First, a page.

Levon's Divine Underground

Katie visited from D.C. a couple weeks ago, so on a Sunday afternoon, she and I, Taline and Sonya drove out to the Yerevan suburb of Arindj to visit Levon's Divine Underground. Though the name would be fitting for a hip club or a punk band, it actually refers to a network of subterranean caves dug by one man - 66-year-old Levon Arakelyan. Levon has been digging these caves for 22 years. He says that God told him he will need to dig another 28 years before he is finished, and before the reason for his digging is revealed to him. This is Levon.

The directions to Levon's house read something like this:"make a left at the post office, park at the end of the road, walk down the dirt path and take a right at the rusty pipe." When you get to Arindj, you basically walk around asking folks where Levon's house is. This is his house.

We banged on the door for a few minutes, until Levon popped out. Didn't bother asking us why we were there; apparently the sight of four Western-looking girls with cameras was pretty self-explanatory. We walked through this door ...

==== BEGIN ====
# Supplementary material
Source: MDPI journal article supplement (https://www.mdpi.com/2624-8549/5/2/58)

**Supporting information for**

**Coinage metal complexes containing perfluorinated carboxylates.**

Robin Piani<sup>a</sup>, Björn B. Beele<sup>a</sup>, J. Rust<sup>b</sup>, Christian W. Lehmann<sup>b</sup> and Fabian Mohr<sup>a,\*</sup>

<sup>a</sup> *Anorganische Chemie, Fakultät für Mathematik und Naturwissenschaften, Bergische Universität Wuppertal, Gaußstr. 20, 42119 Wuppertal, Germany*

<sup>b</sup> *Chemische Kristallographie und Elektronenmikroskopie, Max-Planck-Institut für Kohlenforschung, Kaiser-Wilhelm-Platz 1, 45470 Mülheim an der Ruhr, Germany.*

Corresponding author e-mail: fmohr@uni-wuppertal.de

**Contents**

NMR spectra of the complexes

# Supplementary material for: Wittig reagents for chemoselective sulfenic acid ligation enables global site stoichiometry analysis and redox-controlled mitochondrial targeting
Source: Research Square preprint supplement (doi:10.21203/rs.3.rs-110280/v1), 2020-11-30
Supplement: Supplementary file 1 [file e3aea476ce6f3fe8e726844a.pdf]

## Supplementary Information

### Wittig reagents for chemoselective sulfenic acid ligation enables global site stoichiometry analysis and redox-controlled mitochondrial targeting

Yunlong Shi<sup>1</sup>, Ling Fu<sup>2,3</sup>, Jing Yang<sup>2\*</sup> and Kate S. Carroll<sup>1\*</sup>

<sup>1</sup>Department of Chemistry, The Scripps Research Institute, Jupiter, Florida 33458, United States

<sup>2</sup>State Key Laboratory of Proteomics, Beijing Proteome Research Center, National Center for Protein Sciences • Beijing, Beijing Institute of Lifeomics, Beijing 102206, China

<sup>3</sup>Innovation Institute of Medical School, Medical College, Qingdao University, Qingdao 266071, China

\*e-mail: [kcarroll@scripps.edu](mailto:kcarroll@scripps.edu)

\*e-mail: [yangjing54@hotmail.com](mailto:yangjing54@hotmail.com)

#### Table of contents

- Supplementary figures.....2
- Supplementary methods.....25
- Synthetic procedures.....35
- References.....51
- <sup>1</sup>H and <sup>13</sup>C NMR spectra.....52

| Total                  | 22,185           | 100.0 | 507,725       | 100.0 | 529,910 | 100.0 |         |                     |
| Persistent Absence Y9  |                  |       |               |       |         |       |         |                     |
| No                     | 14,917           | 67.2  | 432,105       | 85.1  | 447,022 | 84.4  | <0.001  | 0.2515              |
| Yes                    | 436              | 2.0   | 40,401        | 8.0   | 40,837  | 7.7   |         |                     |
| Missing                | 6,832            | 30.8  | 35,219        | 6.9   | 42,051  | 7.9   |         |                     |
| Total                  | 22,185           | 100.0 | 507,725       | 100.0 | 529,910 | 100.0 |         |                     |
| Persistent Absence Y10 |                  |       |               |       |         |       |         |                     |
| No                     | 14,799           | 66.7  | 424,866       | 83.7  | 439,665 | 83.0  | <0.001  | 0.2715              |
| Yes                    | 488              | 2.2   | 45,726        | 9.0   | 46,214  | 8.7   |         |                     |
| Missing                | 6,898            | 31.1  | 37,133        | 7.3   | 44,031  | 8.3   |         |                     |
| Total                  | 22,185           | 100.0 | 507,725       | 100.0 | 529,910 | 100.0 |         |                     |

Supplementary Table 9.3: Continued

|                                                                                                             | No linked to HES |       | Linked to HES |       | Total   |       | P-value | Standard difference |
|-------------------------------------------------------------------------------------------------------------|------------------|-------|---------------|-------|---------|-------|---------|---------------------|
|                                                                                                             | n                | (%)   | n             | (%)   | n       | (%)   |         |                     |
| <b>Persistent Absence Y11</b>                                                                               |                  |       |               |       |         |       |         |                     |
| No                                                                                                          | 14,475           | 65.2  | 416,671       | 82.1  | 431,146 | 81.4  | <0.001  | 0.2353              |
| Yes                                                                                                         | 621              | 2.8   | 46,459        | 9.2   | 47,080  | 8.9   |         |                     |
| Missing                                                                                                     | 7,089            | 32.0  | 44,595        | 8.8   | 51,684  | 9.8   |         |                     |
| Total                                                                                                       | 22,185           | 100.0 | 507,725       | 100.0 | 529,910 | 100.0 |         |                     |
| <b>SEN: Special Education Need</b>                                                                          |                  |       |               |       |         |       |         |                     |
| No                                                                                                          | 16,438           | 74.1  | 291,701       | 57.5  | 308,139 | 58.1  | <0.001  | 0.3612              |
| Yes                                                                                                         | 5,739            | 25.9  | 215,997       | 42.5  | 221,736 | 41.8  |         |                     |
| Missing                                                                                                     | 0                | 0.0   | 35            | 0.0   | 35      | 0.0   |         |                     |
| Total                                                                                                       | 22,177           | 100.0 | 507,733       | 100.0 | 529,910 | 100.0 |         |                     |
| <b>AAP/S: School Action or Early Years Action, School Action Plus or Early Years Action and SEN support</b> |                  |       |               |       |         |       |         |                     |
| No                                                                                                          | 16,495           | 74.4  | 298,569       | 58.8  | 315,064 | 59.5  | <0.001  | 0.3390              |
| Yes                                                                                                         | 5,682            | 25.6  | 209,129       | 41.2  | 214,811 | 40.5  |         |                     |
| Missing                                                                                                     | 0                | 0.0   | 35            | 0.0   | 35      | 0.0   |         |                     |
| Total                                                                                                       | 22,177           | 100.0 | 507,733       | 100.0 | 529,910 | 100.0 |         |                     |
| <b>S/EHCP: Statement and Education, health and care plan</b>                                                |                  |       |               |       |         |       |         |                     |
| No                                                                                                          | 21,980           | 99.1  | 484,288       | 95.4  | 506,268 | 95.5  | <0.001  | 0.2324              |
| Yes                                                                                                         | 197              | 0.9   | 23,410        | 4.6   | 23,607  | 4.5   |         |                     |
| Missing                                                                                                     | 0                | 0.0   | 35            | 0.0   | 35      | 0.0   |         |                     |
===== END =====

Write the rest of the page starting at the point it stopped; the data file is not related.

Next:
... and entered into Levon's underground world. Levon began digging after his wife, Tosya, asked him to dig her a pit to keep her potatos fresh. He dug a couple of meters (the deeper the hole, the colder the potatos), and then decided he quite liked digging. He kept going.

That was in 1985. He did not have an overarching vision. Levon says that directions come to him in dreams and visions. Once he begins his day's work (he told us he digs 18 hours a day), he knows how many centimeters he will dig, and in what direction.

When you enter Levon's Divine Underground, you descend on a staircase made of what appears to be soft clay. Levon digs the rooms without any support structure, a fact that sat uneasily in my mind, particularly when I considered that Armenia is earthquake-prone. Still, Levon has had thousands of visitors and no one has been buried alive yet.

This is the prayer room. Levon considers himself a religious man, though he usually spends his Sundays digging. After he had completed the room, he says, he realized it was the perfect place for people to make a wish. He asked which of us wanted to make a wish in the room, and then made the rest of us clear out into another room while each took her turn.

Above are Levon's tools, and a giant pile of the dirt he removes with them, sitting on the street outside his house.

The End.